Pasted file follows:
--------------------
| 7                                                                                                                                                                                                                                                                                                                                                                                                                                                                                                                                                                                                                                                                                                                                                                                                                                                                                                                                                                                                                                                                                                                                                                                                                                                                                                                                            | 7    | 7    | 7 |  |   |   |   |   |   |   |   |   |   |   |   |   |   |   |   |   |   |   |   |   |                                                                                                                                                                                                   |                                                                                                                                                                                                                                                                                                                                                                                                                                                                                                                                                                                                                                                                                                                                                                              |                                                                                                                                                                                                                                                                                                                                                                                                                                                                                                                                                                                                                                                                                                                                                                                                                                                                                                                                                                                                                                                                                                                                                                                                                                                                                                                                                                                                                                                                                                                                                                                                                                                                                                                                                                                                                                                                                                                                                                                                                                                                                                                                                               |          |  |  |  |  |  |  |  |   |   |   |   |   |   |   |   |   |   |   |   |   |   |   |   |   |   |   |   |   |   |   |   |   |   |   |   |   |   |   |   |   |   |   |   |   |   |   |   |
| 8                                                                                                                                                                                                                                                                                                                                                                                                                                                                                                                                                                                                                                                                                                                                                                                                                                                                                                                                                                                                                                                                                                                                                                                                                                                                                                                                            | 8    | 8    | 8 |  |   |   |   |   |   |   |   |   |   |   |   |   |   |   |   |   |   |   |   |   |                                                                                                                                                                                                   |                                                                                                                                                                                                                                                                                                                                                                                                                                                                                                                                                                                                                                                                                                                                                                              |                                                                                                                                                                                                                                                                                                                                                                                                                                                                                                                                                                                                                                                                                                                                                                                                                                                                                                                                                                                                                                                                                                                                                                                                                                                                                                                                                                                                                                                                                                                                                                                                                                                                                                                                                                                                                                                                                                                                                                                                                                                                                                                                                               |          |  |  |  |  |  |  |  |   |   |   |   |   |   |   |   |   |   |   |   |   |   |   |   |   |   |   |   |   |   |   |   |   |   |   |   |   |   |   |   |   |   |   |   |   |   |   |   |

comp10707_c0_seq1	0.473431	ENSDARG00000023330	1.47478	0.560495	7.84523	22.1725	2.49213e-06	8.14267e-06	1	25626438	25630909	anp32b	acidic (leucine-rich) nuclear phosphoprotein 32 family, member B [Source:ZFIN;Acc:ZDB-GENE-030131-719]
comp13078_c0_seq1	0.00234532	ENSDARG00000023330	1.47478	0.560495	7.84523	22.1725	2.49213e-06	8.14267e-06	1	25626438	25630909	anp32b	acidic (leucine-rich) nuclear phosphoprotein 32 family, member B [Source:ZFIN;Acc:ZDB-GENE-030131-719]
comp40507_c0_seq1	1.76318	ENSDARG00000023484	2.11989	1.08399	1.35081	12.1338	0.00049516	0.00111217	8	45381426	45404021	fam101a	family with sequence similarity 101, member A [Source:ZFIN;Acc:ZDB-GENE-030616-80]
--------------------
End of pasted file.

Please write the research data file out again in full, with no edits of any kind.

| 7                                                                                                                                                                                                                                                                                                                                                                                                                                                                                                                                                                                                                                                                                                                                                                                                                                                                                                                                                                                                                                                                                                                                                                                                                                                                                                                                            | 7    | 7    | 7 |  |   |   |   |   |   |   |   |   |   |   |   |   |   |   |   |   |   |   |   |   |                                                                                                                                                                                                   |                                                                                                                                                                                                                                                                                                                                                                                                                                                                                                                                                                                                                                                                                                                                                                              |                                                                                                                                                                                                                                                                                                                                                                                                                                                                                                                                                                                                                                                                                                                                                                                                                                                                                                                                                                                                                                                                                                                                                                                                                                                                                                                                                                                                                                                                                                                                                                                                                                                                                                                                                                                                                                                                                                                                                                                                                                                                                                                                                               |          |  |  |  |  |  |  |  |   |   |   |   |   |   |   |   |   |   |   |   |   |   |   |   |   |   |   |   |   |   |   |   |   |   |   |   |   |   |   |   |   |   |   |   |   |   |   |   |
| 8                                                                                                                                                                                                                                                                                                                                                                                                                                                                                                                                                                                                                                                                                                                                                                                                                                                                                                                                                                                                                                                                                                                                                                                                                                                                                                                                            | 8    | 8    | 8 |  |   |   |   |   |   |   |   |   |   |   |   |   |   |   |   |   |   |   |   |   |                                                                                                                                                                                                   |                                                                                                                                                                                                                                                                                                                                                                                                                                                                                                                                                                                                                                                                                                                                                                              |                                                                                                                                                                                                                                                                                                                                                                                                                                                                                                                                                                                                                                                                                                                                                                                                                                                                                                                                                                                                                                                                                                                                                                                                                                                                                                                                                                                                                                                                                                                                                                                                                                                                                                                                                                                                                                                                                                                                                                                                                                                                                                                                                               |          |  |  |  |  |  |  |  |   |   |   |   |   |   |   |   |   |   |   |   |   |   |   |   |   |   |   |   |   |   |   |   |   |   |   |   |   |   |   |   |   |   |   |   |   |   |   |   |

comp10707_c0_seq1	0.473431	ENSDARG00000023330	1.47478	0.560495	7.84523	22.1725	2.49213e-06	8.14267e-06	1	25626438	25630909	anp32b	acidic (leucine-rich) nuclear phosphoprotein 32 family, member B [Source:ZFIN;Acc:ZDB-GENE-030131-719]
comp13078_c0_seq1	0.00234532	ENSDARG00000023330	1.47478	0.560495	7.84523	22.1725	2.49213e-06	8.14267e-06	1	25626438	25630909	anp32b	acidic (leucine-rich) nuclear phosphoprotein 32 family, member B [Source:ZFIN;Acc:ZDB-GENE-030131-719]
comp40507_c0_seq1	1.76318	ENSDARG00000023484	2.11989	1.08399	1.35081	12.1338	0.00049516	0.00111217	8	45381426	45404021	fam101a	family with sequence similarity 101, member A [Source:ZFIN;Acc:ZDB-GENE-030616-80]